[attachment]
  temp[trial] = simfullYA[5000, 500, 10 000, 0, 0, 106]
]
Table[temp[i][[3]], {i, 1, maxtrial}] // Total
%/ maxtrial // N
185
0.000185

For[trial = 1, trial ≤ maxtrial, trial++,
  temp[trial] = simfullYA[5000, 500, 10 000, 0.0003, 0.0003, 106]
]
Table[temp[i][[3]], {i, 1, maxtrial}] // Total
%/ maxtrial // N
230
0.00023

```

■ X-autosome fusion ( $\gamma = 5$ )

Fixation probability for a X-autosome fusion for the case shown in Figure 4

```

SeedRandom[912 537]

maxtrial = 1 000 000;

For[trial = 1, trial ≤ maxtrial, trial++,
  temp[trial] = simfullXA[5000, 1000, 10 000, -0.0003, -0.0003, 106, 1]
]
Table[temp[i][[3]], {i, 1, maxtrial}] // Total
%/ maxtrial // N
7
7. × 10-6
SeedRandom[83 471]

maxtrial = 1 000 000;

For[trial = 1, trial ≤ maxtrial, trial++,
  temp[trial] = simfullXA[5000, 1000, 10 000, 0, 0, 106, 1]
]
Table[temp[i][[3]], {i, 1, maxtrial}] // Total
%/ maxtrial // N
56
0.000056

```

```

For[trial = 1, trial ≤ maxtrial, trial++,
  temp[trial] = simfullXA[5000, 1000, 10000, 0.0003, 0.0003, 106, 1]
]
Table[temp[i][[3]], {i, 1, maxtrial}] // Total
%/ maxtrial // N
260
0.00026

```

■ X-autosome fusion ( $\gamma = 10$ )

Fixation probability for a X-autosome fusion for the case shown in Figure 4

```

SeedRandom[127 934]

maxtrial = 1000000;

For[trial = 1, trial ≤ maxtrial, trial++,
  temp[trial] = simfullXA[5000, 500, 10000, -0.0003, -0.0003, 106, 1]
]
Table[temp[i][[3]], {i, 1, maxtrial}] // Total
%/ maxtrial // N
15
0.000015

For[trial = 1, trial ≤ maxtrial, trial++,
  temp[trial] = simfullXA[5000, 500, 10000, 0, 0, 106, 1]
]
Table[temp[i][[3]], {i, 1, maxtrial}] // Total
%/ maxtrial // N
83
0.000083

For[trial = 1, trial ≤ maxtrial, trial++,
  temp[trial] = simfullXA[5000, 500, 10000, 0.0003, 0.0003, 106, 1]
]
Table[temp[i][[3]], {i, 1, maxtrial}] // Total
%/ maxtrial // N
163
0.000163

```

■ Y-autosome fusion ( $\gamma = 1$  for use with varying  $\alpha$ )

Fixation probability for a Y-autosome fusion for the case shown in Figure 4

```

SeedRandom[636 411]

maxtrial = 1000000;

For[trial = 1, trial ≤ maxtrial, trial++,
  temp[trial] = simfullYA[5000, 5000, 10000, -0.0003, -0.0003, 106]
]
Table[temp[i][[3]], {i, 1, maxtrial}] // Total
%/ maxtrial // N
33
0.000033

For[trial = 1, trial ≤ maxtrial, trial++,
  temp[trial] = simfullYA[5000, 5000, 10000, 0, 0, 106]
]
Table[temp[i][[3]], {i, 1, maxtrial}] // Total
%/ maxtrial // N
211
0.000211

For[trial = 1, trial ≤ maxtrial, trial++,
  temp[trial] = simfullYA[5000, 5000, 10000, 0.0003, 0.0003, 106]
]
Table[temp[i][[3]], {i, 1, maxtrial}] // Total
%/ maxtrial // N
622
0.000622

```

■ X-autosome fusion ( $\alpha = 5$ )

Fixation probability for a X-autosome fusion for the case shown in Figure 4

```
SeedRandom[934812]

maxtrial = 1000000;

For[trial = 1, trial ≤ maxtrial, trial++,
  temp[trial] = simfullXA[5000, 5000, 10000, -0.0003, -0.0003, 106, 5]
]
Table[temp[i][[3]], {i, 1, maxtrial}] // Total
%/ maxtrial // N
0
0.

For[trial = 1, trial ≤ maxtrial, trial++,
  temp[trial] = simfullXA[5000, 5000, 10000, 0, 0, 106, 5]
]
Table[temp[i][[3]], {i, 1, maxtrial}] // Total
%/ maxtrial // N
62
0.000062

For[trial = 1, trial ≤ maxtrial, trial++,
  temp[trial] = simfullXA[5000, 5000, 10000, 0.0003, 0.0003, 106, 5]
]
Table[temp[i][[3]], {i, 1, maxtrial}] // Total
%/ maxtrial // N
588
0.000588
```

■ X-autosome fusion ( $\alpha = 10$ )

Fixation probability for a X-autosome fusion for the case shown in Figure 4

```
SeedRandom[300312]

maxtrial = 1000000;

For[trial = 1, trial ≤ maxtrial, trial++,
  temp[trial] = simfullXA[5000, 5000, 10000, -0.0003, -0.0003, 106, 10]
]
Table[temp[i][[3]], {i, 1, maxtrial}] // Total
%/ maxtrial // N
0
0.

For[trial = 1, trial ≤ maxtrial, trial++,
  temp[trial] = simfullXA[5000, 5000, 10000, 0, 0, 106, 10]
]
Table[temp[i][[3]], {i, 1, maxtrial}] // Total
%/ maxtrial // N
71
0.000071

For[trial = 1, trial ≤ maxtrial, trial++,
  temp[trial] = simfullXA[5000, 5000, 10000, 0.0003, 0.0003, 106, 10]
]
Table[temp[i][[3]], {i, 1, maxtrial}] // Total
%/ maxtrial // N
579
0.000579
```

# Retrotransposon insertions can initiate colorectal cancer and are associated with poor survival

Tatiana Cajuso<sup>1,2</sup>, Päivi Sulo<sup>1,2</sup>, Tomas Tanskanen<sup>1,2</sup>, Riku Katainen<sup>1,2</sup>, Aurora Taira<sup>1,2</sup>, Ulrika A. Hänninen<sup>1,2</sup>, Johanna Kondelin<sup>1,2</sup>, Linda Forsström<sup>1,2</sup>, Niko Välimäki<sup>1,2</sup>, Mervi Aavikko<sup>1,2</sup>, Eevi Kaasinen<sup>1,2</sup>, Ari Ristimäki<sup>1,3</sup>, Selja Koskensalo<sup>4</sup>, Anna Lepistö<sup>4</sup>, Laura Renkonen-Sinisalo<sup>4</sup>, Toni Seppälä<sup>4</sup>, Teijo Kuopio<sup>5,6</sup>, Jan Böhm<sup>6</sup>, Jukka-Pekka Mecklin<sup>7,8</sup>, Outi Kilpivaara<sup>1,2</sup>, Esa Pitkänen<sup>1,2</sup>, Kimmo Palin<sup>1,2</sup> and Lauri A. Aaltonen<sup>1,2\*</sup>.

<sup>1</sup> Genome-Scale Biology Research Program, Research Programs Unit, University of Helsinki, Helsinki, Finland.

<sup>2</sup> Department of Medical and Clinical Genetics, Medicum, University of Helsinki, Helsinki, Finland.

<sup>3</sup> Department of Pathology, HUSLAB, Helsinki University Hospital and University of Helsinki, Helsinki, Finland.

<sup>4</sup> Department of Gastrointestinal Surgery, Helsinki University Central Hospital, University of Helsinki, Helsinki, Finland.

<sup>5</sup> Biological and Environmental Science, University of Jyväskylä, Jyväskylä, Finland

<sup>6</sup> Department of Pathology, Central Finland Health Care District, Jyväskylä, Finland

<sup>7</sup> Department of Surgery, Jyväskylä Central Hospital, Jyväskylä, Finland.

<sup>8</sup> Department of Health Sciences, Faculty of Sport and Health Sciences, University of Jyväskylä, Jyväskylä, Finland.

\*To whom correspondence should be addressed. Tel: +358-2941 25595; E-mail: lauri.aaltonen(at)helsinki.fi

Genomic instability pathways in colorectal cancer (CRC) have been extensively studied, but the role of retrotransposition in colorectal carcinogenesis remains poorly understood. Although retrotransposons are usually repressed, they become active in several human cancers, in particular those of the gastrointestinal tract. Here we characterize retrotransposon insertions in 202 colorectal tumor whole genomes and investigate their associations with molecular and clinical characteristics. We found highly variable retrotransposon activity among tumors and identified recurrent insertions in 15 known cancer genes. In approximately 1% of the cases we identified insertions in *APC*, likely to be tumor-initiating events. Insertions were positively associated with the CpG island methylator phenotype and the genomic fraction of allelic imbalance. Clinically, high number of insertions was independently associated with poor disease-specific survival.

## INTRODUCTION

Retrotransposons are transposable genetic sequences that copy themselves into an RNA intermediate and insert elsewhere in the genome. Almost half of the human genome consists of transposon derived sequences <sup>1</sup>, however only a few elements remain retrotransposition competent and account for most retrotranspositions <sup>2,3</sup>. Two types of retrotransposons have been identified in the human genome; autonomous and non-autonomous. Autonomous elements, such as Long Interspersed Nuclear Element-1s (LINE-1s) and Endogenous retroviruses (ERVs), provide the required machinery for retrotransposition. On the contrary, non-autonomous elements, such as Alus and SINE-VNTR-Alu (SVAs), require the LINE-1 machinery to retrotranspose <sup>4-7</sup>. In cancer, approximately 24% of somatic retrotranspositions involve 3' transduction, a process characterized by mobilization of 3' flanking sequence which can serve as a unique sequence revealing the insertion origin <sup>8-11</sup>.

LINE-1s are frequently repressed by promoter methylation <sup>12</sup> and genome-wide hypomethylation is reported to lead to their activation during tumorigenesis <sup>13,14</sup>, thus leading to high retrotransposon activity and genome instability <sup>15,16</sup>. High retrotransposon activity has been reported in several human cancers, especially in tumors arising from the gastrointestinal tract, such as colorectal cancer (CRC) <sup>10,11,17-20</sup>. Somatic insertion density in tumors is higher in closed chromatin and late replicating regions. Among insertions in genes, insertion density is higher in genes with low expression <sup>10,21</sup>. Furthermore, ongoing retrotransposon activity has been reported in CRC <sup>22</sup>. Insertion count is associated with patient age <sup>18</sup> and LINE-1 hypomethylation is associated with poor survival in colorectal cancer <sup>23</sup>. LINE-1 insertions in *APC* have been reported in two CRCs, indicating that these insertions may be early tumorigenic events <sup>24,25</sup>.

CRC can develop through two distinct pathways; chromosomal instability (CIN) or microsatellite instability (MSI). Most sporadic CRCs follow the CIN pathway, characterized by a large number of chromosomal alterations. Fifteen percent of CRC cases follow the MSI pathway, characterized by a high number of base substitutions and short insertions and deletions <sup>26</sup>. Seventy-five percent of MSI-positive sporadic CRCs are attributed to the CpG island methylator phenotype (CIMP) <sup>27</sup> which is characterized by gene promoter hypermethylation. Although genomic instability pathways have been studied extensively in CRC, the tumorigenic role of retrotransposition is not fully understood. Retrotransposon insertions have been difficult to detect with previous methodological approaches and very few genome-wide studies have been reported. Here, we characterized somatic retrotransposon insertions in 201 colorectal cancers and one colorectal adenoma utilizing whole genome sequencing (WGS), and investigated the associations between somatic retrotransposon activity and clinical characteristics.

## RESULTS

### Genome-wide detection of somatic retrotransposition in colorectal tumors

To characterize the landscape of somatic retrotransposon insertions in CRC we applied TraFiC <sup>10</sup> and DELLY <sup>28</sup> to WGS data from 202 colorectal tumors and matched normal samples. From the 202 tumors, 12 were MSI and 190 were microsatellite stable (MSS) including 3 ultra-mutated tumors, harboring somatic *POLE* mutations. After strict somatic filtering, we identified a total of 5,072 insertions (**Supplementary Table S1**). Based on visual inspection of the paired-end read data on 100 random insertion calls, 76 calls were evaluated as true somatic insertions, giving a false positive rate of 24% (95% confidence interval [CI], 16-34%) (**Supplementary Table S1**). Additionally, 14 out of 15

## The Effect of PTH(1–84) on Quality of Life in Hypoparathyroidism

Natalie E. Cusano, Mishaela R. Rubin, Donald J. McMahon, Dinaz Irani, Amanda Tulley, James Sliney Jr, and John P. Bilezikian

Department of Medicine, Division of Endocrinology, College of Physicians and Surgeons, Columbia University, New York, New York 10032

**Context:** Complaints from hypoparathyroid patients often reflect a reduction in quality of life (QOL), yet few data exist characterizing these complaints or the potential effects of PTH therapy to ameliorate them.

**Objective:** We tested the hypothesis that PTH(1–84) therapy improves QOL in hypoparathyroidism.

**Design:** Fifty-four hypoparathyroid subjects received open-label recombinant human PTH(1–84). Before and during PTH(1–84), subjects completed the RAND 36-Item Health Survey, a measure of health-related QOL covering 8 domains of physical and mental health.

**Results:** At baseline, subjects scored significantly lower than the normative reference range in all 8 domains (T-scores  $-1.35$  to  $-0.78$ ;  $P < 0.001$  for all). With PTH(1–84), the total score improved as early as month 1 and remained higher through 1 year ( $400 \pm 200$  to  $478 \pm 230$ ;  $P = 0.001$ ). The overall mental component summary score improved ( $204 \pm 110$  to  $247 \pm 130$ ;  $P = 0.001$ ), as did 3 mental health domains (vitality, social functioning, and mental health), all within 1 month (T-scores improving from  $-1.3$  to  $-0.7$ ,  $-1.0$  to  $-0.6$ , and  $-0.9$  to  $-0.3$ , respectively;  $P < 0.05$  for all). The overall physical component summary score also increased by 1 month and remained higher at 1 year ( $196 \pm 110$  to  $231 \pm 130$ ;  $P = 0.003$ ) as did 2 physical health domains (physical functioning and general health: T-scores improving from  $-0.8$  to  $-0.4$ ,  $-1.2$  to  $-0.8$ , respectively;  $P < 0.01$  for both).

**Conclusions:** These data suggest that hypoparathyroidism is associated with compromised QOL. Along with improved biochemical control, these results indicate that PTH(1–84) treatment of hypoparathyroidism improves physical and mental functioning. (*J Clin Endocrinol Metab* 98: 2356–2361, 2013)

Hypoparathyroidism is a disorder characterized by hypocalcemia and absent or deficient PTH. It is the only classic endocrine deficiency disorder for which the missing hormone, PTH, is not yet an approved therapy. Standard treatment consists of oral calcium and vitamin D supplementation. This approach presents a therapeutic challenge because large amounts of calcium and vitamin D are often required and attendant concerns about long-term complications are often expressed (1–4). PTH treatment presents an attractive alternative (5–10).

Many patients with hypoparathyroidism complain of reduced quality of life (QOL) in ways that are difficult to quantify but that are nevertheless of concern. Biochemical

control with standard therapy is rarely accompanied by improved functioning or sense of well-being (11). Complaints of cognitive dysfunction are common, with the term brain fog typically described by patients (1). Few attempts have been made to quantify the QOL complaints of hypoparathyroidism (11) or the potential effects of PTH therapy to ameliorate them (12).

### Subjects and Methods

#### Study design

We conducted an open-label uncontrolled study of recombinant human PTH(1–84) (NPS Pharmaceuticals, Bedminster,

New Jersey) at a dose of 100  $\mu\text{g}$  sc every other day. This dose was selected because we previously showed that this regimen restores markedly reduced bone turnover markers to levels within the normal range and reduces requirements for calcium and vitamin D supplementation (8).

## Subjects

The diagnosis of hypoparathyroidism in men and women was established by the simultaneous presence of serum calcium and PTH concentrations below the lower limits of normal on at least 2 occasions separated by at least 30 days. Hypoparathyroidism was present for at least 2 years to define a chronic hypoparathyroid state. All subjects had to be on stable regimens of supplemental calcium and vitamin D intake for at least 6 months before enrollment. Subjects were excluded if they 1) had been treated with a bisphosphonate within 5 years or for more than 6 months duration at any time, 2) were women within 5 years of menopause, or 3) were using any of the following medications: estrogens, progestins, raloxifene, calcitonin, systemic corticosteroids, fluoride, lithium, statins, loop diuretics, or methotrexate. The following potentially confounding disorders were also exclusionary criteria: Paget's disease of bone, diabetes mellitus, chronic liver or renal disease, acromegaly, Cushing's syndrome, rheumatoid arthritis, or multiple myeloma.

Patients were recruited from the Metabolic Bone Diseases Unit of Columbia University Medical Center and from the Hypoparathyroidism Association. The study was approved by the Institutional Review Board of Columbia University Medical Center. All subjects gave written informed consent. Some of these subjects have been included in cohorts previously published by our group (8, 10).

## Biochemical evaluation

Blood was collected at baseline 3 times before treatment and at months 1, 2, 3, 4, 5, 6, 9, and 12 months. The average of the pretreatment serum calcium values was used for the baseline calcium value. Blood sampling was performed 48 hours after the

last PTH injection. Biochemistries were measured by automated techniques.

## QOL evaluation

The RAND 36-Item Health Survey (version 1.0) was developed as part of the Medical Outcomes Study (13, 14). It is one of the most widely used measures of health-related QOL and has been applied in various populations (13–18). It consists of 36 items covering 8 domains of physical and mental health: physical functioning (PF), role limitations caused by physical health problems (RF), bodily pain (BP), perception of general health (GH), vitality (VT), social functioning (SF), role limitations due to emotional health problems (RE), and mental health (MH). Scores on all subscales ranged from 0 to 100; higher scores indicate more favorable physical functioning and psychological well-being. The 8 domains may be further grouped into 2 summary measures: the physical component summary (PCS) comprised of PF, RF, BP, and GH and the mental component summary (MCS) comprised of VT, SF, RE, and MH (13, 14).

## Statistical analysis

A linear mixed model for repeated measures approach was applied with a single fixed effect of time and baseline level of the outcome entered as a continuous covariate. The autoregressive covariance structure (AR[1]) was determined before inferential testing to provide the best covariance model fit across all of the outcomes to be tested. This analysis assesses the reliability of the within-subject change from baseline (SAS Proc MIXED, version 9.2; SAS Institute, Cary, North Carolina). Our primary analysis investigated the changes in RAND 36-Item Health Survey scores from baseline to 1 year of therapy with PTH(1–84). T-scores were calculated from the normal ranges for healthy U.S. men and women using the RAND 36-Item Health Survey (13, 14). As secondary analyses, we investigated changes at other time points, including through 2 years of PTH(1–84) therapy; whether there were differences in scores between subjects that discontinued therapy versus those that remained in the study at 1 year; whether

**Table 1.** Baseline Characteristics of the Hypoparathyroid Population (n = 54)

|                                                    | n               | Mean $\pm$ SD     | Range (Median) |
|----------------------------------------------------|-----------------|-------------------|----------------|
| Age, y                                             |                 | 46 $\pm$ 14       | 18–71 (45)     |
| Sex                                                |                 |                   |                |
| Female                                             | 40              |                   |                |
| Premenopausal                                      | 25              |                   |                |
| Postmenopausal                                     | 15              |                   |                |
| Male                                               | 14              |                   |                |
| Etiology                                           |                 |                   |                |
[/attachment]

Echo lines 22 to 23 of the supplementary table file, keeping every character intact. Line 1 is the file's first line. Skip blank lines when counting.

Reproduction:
]
Table[temp[i][[3]], {i, 1, maxtrial}] // Total